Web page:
Google slaps 'repeat offender' tag on unsafe sites

Incorrigible Safe Browsing violators now get flagged for 30 days.

Google is closing a loophole in its Safe Browsing search policy. While it already flags sites that violate its malware, phishing and other policies, bad actors can temporary halt those activities. Then, once the warnings are removed, they resume, and unsuspecting searchers are none the wiser. Starting today, however, Google is flagging such sites as "repeat offenders," and webmasters won't be able to appeal the warnings for 30 days.

Hacked websites will not be classified as repeat offenders; "only sites that purposefully post harmful content will be subject to the policy," Google notes. There's nothing stopping you from clicking on a link anyway, of course, but a Google Search warning will no doubt dissuade a lot of users. In addition, Google Chrome will put up another warning page that will probably convince the majority of users to not enter a dangerous site.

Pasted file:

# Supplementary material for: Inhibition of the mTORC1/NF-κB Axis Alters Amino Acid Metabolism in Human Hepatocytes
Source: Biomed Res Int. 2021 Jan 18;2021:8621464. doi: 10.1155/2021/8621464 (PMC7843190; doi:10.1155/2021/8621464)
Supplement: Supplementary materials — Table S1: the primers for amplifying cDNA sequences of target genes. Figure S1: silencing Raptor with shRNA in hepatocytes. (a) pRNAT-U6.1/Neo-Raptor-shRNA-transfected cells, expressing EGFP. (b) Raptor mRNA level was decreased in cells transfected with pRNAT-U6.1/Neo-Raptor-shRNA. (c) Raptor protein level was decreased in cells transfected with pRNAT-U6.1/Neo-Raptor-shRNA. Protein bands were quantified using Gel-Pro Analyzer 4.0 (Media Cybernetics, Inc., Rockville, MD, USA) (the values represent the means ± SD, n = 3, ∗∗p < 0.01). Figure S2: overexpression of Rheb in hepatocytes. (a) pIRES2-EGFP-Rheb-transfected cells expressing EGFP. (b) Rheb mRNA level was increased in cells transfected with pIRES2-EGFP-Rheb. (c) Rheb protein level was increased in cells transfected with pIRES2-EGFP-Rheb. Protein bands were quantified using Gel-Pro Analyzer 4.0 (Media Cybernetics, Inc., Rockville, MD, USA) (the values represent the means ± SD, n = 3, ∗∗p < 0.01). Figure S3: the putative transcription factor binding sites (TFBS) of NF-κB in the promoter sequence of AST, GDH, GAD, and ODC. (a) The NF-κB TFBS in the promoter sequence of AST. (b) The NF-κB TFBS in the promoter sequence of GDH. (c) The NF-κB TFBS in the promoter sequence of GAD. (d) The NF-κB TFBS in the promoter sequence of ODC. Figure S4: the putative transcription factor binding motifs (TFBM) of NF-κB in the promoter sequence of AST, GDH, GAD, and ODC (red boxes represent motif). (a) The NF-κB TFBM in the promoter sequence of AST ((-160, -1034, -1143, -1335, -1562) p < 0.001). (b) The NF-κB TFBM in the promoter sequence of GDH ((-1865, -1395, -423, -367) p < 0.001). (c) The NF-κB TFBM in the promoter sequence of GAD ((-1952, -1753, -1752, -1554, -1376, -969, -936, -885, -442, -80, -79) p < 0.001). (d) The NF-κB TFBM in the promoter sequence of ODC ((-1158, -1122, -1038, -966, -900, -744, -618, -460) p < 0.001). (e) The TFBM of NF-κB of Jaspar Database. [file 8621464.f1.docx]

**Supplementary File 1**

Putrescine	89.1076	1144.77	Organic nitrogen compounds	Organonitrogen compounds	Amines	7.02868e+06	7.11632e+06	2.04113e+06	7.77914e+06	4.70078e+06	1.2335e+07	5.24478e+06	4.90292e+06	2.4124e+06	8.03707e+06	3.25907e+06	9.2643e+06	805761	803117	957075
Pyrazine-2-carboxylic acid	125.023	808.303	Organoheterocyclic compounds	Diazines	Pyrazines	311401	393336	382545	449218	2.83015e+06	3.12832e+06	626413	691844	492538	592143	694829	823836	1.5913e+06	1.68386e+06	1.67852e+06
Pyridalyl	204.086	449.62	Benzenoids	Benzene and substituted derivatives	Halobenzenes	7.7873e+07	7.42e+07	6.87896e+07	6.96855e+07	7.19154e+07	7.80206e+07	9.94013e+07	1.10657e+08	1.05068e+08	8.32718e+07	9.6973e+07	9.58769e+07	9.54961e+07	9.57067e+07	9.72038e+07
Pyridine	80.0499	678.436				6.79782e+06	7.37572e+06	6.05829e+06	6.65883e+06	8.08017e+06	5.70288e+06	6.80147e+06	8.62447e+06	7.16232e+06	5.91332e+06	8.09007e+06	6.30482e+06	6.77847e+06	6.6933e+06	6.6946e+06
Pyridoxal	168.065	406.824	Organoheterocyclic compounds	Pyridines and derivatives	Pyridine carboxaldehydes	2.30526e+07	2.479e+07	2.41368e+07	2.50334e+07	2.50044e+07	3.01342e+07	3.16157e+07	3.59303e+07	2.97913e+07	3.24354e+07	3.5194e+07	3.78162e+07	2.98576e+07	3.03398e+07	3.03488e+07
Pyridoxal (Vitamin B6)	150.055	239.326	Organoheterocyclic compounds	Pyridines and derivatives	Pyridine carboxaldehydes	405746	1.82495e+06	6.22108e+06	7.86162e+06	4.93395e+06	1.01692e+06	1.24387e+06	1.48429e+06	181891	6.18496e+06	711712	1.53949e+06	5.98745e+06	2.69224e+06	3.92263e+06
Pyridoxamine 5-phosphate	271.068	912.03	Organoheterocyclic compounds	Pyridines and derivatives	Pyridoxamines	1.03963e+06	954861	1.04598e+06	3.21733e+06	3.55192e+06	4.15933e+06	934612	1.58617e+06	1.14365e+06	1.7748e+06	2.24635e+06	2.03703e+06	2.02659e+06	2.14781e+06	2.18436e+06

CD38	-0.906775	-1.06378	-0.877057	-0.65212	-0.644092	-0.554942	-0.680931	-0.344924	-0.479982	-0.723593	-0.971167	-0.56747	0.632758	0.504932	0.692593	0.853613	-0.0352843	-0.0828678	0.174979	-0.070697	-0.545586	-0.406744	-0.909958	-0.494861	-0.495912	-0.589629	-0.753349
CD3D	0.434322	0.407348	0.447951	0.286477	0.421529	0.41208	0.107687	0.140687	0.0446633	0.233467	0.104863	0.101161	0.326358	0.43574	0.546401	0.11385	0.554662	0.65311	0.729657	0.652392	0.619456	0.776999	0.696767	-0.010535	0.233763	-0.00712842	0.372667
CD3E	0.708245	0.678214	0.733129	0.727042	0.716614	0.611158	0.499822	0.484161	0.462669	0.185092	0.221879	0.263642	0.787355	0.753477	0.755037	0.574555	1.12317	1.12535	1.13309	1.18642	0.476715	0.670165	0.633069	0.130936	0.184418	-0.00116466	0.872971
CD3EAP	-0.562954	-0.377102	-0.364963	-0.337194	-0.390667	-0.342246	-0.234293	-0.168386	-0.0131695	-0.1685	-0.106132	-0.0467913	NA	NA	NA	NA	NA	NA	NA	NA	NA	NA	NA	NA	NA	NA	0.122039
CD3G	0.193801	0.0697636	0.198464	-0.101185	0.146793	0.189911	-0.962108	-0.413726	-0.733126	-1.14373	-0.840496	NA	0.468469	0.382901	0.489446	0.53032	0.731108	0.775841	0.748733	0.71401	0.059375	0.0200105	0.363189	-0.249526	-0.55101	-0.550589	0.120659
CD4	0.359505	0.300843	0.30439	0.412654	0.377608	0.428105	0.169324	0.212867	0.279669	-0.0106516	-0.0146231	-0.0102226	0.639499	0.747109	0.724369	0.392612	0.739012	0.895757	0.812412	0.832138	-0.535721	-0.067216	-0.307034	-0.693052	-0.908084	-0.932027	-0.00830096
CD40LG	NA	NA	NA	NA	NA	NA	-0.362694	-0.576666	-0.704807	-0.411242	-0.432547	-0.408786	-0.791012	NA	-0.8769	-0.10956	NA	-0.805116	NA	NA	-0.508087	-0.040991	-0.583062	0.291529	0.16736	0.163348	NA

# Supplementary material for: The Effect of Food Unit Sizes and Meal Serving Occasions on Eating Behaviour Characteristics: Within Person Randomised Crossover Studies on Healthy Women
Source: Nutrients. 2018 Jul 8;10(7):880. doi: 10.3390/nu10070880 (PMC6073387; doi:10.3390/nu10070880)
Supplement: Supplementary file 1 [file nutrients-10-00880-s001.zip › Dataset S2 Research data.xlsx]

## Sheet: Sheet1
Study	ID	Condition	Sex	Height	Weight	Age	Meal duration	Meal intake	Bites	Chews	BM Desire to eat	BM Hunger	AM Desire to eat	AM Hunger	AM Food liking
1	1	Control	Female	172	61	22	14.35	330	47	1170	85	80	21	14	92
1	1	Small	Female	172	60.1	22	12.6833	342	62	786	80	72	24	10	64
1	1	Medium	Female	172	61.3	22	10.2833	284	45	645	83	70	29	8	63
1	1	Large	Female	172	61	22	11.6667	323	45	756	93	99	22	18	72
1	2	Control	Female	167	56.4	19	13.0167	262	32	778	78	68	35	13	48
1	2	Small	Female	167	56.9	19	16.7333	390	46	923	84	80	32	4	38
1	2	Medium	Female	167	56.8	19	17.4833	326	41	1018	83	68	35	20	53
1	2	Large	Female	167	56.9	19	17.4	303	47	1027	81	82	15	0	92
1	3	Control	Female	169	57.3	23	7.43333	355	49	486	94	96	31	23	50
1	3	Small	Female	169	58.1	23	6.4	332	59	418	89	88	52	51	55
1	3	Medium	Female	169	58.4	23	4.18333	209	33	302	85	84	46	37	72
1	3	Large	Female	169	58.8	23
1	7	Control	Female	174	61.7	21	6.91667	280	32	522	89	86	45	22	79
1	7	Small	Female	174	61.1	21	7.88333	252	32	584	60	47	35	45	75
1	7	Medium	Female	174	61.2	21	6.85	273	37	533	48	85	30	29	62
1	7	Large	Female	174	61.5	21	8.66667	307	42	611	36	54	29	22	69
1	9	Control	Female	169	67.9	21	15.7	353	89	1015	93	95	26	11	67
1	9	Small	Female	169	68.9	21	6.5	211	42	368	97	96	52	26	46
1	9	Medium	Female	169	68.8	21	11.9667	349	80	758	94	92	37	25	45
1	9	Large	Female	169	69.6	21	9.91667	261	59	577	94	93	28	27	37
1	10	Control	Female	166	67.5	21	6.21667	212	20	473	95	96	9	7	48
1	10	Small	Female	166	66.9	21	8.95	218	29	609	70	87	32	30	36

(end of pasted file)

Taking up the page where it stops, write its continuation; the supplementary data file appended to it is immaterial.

Google's Safe Search no doubt stops a lot of hacking, and the new policy will help. What's really needed is a way to stop or limit the damage from email phishing attacks, however. Those have caused some of the largest breeches on the internet, reportedly including the hack of Clinton campaign chair John Podesta.